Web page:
Many provinces and states of the two countries have worked together to set up corresponding cooperative mechanisms, and more sister city ties have been established to extend the bond of shared interests. Some American states have promoted trade ties with China and enlarged investments in accordance with respective local legal procedure.

More examples can be cited here. California alone accounts for one-fifth of the total bilateral trade volume. Washington state has furthered its trade ties with China in recent years. Many oil- and agriculture-producing states are highly dependent on the Chinese market. To sever the economic and trade ties with China will be a matter of life and death for these states, and undoubtedly exert a negative impact on their development.

Sixth, macroeconomic coordination between the two countries has tremendous impact on the global market.

Bilateral macroeconomic policy coordination mechanisms have been gradually shaped since 2008, with the China-U.S. Strategic and Economic Dialogue playing an indicating role for global economic performance of great significance.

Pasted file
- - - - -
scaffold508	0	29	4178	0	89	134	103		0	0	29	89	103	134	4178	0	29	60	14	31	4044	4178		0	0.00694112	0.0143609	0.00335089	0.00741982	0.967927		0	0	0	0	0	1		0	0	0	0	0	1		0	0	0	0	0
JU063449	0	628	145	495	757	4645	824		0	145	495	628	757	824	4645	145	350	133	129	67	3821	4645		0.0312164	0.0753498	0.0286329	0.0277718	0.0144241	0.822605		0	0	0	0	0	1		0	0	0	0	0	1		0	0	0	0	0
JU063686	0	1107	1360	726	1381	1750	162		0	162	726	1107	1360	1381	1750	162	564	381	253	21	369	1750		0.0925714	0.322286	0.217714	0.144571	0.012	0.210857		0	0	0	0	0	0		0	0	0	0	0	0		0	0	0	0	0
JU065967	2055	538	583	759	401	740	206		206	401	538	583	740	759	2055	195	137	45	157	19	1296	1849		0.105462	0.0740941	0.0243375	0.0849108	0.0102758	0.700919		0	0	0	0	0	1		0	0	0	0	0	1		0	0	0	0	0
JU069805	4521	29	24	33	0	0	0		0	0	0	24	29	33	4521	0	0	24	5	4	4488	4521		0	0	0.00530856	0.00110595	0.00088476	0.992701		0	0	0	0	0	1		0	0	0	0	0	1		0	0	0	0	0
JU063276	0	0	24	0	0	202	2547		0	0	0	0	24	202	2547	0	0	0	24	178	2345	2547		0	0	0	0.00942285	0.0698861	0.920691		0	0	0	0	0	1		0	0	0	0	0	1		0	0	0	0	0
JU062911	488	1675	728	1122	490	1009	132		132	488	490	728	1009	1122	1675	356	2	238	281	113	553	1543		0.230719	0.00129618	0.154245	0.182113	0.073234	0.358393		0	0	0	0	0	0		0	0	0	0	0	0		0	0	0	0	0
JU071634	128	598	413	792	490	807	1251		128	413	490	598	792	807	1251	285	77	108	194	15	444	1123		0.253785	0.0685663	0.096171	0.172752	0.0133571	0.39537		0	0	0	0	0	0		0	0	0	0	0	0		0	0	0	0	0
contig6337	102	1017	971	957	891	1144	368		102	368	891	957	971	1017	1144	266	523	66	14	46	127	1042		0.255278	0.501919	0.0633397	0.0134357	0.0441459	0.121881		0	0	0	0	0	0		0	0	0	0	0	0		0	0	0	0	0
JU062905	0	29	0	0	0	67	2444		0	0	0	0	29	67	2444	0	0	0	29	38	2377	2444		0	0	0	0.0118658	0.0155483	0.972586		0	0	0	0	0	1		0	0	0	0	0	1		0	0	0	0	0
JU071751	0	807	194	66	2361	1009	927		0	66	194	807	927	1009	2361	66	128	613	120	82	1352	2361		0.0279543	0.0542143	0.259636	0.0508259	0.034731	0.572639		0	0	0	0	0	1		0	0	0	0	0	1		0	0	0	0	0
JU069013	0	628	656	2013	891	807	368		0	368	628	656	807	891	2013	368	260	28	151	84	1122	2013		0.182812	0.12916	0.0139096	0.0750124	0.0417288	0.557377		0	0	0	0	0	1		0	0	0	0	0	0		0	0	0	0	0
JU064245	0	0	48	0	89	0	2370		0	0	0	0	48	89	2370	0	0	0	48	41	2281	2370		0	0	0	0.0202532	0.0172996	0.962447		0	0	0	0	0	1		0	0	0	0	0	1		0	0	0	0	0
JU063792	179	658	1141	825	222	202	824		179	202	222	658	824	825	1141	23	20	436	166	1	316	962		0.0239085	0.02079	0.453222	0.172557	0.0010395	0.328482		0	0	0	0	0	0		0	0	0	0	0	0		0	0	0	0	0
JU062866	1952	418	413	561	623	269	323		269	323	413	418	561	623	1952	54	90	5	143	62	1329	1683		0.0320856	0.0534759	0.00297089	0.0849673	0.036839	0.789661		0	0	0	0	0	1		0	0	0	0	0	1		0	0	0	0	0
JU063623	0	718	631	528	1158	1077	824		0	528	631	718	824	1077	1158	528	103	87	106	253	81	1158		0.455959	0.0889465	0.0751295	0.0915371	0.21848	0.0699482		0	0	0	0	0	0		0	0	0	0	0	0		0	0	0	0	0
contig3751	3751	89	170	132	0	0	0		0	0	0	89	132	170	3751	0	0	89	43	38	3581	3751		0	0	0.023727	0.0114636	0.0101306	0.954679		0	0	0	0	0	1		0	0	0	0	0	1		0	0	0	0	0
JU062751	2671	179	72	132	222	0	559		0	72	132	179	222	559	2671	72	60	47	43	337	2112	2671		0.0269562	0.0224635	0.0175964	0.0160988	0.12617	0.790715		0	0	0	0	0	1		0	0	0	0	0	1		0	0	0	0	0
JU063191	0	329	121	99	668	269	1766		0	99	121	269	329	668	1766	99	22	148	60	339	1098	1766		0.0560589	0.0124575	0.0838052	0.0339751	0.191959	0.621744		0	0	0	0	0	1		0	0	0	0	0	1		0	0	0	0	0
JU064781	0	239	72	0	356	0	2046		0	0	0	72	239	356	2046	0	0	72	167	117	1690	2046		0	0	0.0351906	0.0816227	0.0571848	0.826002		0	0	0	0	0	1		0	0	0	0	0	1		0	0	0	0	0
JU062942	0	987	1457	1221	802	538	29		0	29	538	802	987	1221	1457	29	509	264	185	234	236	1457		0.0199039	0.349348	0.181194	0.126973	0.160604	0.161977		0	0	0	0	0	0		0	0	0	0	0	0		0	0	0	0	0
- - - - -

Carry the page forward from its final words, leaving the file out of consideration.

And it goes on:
At the same time, bilateral coordination in macroeconomic policy tools, involving exchange and interest rates, finance, trade and investment, also plays a guiding role in the G20 coordination mechanism. In addition to global economic governance, other issues including WTO reform, tackling global warming, reform of the international monetary system and U.N. reform, also need close consultation between China and the U.S.

Moreover, China's Belt and Road Initiative needs the participation of Western developed countries, including the United States, to make it more open, transparent and competitive as well as being guaranteed by international rules. In short, without Sino-U.S. cooperation, there would be no world market order. Delinking of U.S. and China economies is bound to cause great chaos in the global market.

Since the Chinese and American economies are inseparable, why do some American politicians and strategists still persist in this call for the delinking? There are two main reasons. Firstly, it is a customary tactic for the Trump administration to impose extreme pressure on China in ongoing trade negotiations. Secondly, a group of American hardliners never considers the disastrous impact brought about by Sino-U.S. trade frictions on their own enterprises or on the world economy.

Therefore, this delinking idea is neither the way out for the American economy, nor the way to ease economic and trade frictions. Only through negotiation can we find a solution to the longstanding problems between the two countries, promoting bilateral economic and trade relations, and turning crisis into opportunity. Clinging obstinately to the idea will an incorrigible blunder.

(The author is a professor with Fudan University and an expert in American studies. The article was translated by Wu Jin and Li Jingrong from an unabridged version published in Chinese. )